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Practice Management > Compensation and Fees

The Changing Face of Fees

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The market conditions of the last three years have triggered advisors to question some long-held beliefs regarding their business models. Most notable among these is the soundness of the fee-based pricing model in such a protracted bear market. With asset-management fees comprising as much as 85% of total revenues in 2000 (according to a survey of 586 firms for that year), the decline in assets during the bear market has taken its toll on revenues, as shown in chart 1 below.


Sample of 586 firms for 1999, 601 for 2000, 654 for 2001 and 655 firms for 2002

In addition, the steep market and economic decline–having occurred on the heels of a stellar bull market–have left many clients with extremely convoluted financial situations. As such, clients are demanding more sophisticated financial advice and more handholding from their advisors.

In essence, advisors are spending more time serving clients, while getting paid less.

Increased Shift to Planning/Consulting Fees

With those new realities in the backdrop, many RIA firms have increased their use of planning and consulting fees in the last two years. Such fees are charged on top of asset management fees–typically to clients with additional and more complex financial planning needs. In other cases, the fees are structured as one-time retainers charged at the outset of the relationship. Those planning and consulting fees made up 23.45% of total revenues for our survey sample in 2002, up substantially from 17.62% in 2001 and 11.49% in 2000, as shown in chart 2 below.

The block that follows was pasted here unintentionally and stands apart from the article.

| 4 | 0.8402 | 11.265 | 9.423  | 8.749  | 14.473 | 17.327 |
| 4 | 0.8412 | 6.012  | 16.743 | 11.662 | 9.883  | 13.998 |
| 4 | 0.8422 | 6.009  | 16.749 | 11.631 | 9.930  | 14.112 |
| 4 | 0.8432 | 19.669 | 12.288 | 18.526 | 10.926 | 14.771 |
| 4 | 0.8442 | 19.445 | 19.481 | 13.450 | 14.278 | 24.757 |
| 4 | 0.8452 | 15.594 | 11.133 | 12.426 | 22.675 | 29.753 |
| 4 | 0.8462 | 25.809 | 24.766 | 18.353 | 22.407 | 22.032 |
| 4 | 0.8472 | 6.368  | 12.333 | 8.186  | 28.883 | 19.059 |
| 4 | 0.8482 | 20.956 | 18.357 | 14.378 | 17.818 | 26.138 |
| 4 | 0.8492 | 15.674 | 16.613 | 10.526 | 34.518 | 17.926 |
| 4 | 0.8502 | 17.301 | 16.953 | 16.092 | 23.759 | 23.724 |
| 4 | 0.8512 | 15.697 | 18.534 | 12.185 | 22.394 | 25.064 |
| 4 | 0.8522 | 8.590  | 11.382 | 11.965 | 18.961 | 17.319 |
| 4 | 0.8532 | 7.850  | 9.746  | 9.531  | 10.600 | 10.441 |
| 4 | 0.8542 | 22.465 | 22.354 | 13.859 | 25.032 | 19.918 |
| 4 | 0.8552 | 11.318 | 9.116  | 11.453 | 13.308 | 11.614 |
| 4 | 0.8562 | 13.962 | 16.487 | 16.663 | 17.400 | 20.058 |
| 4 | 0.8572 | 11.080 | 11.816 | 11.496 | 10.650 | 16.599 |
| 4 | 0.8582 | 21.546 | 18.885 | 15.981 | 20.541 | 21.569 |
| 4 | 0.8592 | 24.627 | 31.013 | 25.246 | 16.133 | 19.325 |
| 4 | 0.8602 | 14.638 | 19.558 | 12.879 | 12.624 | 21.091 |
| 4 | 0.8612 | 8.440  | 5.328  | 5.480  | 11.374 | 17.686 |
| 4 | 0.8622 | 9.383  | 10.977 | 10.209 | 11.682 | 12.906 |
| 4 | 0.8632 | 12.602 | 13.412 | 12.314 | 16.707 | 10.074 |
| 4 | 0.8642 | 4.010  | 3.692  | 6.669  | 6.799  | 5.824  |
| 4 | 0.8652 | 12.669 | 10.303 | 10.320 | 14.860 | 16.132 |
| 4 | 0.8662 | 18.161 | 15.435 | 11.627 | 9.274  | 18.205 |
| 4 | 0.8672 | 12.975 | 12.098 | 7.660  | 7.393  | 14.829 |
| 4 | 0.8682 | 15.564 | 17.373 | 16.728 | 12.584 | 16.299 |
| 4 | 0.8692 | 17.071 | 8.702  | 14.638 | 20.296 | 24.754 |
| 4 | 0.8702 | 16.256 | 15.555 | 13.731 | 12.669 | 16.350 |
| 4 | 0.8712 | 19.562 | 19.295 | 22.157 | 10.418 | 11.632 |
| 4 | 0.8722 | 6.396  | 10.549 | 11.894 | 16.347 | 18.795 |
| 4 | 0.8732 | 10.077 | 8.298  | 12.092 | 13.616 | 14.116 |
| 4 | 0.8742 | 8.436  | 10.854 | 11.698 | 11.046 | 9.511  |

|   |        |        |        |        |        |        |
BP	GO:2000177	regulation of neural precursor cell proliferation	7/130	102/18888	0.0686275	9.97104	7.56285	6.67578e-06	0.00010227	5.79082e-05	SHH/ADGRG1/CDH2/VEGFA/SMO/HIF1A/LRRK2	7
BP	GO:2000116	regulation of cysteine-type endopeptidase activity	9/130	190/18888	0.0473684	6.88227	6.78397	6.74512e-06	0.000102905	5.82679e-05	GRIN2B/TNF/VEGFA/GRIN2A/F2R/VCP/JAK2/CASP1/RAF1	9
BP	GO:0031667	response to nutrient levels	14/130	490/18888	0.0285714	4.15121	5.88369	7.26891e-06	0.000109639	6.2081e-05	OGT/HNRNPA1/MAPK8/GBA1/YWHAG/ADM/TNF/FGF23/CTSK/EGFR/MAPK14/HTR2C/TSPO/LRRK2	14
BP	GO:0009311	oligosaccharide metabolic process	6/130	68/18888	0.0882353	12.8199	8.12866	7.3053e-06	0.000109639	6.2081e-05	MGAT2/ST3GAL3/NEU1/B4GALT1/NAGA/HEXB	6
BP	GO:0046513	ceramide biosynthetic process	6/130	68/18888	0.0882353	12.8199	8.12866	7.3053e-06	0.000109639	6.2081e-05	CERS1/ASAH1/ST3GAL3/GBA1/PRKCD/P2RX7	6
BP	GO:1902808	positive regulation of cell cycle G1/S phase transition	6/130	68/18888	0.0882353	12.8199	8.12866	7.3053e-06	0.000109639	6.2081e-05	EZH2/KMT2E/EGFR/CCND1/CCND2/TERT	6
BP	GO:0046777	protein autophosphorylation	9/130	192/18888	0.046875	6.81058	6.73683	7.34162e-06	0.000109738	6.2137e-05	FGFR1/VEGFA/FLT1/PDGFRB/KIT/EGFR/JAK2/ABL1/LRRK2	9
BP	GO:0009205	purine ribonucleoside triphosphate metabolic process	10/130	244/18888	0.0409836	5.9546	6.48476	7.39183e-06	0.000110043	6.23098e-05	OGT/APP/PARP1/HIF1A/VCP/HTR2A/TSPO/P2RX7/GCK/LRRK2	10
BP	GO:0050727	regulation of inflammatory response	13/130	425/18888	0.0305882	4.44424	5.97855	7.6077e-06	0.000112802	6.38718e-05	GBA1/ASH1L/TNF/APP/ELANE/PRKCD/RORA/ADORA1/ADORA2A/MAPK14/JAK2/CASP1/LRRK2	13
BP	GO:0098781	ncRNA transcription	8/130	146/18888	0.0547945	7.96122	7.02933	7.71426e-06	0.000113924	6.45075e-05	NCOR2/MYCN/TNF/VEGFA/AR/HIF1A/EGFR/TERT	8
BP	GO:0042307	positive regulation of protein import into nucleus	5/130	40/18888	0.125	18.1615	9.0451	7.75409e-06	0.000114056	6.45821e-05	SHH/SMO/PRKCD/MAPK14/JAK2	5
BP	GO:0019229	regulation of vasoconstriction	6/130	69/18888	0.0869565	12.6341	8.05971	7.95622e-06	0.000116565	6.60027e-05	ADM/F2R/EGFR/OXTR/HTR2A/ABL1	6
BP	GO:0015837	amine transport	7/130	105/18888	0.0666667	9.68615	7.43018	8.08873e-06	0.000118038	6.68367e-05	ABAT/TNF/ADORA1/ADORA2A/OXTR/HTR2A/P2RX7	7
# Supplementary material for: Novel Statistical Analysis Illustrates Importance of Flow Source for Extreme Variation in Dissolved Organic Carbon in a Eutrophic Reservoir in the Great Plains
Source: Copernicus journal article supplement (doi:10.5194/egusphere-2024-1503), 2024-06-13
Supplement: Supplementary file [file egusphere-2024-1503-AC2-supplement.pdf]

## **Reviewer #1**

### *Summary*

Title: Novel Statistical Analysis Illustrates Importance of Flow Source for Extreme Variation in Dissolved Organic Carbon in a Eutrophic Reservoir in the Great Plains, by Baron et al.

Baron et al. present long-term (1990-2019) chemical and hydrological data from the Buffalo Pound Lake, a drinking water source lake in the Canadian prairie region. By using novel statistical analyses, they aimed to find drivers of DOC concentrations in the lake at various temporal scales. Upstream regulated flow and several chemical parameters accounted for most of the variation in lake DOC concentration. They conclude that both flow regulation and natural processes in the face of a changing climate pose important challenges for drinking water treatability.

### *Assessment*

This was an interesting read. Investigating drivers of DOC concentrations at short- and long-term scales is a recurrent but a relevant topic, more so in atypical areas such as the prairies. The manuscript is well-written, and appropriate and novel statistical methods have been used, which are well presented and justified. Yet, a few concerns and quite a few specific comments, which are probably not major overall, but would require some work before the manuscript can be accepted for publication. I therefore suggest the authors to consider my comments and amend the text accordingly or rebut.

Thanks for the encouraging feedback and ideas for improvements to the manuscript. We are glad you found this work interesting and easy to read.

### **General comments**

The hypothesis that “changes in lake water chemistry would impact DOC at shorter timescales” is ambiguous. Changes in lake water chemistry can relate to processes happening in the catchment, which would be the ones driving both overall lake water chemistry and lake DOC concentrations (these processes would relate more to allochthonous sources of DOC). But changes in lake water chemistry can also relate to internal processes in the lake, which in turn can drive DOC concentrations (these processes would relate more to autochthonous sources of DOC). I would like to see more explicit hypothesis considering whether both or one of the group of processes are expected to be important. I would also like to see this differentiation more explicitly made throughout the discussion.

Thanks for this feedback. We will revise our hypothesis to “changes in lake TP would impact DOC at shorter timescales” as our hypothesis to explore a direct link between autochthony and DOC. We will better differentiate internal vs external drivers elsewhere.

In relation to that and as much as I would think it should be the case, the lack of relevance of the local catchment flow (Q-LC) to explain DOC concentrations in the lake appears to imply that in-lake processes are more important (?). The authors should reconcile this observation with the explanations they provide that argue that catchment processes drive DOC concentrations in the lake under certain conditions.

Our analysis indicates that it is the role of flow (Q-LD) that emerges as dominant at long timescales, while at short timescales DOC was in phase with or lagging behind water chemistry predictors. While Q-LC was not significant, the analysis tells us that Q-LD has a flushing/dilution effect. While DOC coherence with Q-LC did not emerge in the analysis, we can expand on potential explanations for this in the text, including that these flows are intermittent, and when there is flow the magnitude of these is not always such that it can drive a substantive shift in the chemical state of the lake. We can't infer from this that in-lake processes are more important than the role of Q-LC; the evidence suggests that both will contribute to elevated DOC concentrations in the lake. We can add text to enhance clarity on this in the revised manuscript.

Sample of 601 firms for 2000, 654 for 2001 and 655 firms for 2002.

This growing use of consulting fees has helped reduce the reliance on asset-management fees as a primary source of revenue. Sure enough, in 2002 asset-management fees made up just 75% of total revenues, down from more than 80% in 2001 and more than 85% in 2000, as shown in chart 2.

Additionally, the median hourly fee charged for financial planning services jumped from $150 in 2001 to $190 in 2002.

The Positive Effect

Consulting fees serve to offset declining asset-management-fee revenues, which alone does not justify the amount of time and work needed to formulate and implement the increasingly sophisticated financial plans. It also ensures that a minimum amount of revenue is generated from clients with accounts that fall below the minimum account size. Even more important, charging such fees takes the clients’ focus away from asset management and places more emphasis on the firm’s overall advisory services, thus boosting your perceived value.

If you’re seeing your revenues suffer as a result of the decline in assets, consider increasing the use of consulting fees when appropriate. To the extent that you can clearly communicate to your clients the reasoning for these fees, this pricing method should help enhance your financial performance.

To receive a customized benchmarking analysis report of your practice, visit the free online tool is a free online resource of research and analysis on the RIA marketplace. The service is aimed at helping advisors grow and enhance their practices. By participating in the online surveys, advisors can see how their businesses fare against other advisors, as well as learn best practices based on the most successful advisors in the business. The instant analysis they receive offers valuable insight that can help them take their practices to the next level and weather the challenging market conditions.